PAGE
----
Tuesday, June 06, 2017

Georgia Supremes Unanimously Slam Shut 'Super Lien' Racket That Allowed Sneaky Real Estate Operators To Swiftly Snatch Away Homes From Homeowners Falling Behind On Their Property Taxes

In Atlanta, Georgia, the The Atlanta Journal-Constitution reports:
  • Georgia homeowners who fall behind on their property taxes now have a new protection. No longer can cunning investors quickly snatch away their homes and everything the owners had paid on it.

    For years, such investors and their attorneys, armed with only a piddling second unpaid bill, used a loophole in Georgia law to override safeguards designed to help struggling taxpayers. The maneuver was so powerful it was dubbed a “super lien.”

    But this month, a Georgia Supreme Court decision stripped the super lien of its super powers. Homeowners still gripped in the process may get immediate relief.

    “I think this party’s over,” said Hugh Wood, a real estate attorney who has defended clients against super liens. “I don’t think they’re going to game the system anymore, because they can’t guarantee that they will get the land and the excess proceeds. It’s too dangerous.”

    A 2013 investigation by The Atlanta Journal-Constitution exposed how several Atlanta law firms, working on behalf of investors, had put such claims against hundreds of properties. The practice was based on a series of court decisions between 2003 and 2010.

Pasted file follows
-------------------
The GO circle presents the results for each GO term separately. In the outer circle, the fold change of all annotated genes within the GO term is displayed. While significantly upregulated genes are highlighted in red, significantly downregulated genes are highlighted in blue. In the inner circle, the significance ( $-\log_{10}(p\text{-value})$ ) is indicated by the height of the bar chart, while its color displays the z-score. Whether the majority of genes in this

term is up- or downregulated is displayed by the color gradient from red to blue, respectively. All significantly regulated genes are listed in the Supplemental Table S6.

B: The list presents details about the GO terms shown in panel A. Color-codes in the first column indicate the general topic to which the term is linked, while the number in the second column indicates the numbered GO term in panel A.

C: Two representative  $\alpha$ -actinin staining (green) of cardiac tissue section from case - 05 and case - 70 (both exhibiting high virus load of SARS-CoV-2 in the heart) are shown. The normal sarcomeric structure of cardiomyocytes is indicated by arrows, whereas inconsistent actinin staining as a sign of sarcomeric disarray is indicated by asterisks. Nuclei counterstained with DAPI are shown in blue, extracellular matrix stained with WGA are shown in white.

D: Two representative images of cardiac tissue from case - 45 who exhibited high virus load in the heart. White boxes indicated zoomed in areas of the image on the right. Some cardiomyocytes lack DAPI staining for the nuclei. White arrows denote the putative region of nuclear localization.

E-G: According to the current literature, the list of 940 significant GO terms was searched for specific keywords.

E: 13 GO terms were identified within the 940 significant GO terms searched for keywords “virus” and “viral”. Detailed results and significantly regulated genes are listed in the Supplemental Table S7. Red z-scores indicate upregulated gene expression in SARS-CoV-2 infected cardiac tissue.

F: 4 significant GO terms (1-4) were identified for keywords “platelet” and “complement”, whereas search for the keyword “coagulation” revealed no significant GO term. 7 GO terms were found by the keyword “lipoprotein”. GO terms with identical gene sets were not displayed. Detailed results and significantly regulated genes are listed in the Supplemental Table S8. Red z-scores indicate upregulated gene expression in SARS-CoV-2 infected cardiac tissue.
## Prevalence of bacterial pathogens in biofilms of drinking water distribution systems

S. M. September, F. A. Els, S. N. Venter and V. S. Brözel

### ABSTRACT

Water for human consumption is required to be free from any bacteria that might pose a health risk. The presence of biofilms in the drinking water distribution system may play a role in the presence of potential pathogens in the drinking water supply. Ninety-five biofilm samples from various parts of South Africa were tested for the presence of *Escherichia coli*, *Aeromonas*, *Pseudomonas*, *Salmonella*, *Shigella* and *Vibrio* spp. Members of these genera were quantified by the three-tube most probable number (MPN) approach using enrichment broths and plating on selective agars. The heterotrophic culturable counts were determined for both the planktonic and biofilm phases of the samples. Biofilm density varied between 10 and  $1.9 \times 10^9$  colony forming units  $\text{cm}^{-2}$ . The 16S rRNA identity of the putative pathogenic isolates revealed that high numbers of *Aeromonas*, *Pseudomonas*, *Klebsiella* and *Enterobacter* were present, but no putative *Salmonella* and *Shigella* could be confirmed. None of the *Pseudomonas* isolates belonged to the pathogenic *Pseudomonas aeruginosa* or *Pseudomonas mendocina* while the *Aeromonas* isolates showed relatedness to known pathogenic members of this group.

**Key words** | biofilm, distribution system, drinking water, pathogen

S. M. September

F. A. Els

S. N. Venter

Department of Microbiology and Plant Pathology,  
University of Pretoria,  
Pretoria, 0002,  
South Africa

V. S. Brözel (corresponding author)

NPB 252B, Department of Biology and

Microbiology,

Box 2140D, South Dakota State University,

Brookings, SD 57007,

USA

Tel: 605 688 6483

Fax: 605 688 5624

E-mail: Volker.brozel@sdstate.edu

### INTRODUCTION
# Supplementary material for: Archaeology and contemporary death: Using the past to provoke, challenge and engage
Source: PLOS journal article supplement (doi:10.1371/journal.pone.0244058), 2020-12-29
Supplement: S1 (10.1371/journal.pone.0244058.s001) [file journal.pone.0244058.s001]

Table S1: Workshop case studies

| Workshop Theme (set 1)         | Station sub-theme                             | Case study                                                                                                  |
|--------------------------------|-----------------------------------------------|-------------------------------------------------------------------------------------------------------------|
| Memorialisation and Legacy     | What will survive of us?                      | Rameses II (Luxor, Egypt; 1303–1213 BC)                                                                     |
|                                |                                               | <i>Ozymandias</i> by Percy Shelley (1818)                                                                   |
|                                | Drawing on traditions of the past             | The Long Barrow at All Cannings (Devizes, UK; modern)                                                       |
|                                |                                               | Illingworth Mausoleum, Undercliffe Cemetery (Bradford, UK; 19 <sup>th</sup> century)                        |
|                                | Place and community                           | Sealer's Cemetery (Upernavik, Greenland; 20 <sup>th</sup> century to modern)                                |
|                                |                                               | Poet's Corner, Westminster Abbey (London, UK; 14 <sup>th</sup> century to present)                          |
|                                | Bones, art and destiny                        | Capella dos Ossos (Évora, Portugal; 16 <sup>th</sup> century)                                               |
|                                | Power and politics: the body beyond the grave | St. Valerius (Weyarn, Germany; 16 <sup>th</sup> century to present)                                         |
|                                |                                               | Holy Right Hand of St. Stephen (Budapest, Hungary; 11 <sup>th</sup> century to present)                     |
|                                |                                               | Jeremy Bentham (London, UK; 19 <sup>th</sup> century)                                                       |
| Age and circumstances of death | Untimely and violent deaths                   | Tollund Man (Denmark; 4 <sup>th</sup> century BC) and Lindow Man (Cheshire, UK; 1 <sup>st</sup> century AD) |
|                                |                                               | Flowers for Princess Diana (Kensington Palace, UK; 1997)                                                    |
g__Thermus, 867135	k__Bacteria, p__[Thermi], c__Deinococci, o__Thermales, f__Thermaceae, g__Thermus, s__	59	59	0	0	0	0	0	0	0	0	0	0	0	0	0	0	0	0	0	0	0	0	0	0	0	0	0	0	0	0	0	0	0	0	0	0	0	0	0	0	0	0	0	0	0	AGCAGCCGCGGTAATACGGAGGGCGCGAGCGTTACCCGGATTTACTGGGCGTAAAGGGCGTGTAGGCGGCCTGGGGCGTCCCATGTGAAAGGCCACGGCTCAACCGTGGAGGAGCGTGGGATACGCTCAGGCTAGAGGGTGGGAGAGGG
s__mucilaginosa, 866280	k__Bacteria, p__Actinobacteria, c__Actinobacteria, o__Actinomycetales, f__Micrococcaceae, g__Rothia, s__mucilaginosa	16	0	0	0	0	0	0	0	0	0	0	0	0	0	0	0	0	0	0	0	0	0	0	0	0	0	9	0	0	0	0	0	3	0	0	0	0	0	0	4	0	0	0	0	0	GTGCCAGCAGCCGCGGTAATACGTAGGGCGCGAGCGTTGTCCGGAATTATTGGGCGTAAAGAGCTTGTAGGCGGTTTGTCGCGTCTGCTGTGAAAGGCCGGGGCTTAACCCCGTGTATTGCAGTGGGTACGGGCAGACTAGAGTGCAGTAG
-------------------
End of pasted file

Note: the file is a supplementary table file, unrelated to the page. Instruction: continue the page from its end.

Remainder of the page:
It would happen so fast, homeowners often didn’t know what hit them.

    Jessica Sims and her brother, James Davis, lost their late father’s Cherokee County home three years ago after $14,000 in taxes went unpaid and a Florida company called Trintec imposed a super lien. They said the company used an outside debt to do it — their uncle’s unpaid medical bill, since he was a part-owner in the property.

    Sims and Davis hired an attorney to challege the action but ended up settling for a fraction of the home’s value. After paying their attorney’s fee, they said, they wound up with $5,000 each for a house valued at more than $200,000.

    “It feels like losing hope,” Sims said. “I’m a single mom with a special needs child, and I do it by myself. So that was my little bit of hope, that I would be able to provide something for her for the future.”

    Critics accused such investors of exploiting homeowners in dire straits — particularly the sick and the elderly — who may not understand Georgia’s convoluted foreclosure laws.

    I call them pirates,” said attorney Mark Thompson, who waged a successful argument against the process before the state Supreme Court. “The result that they’re trying to achieve is extremely inequitable, and it provides a financial bonanza for the pirates.”


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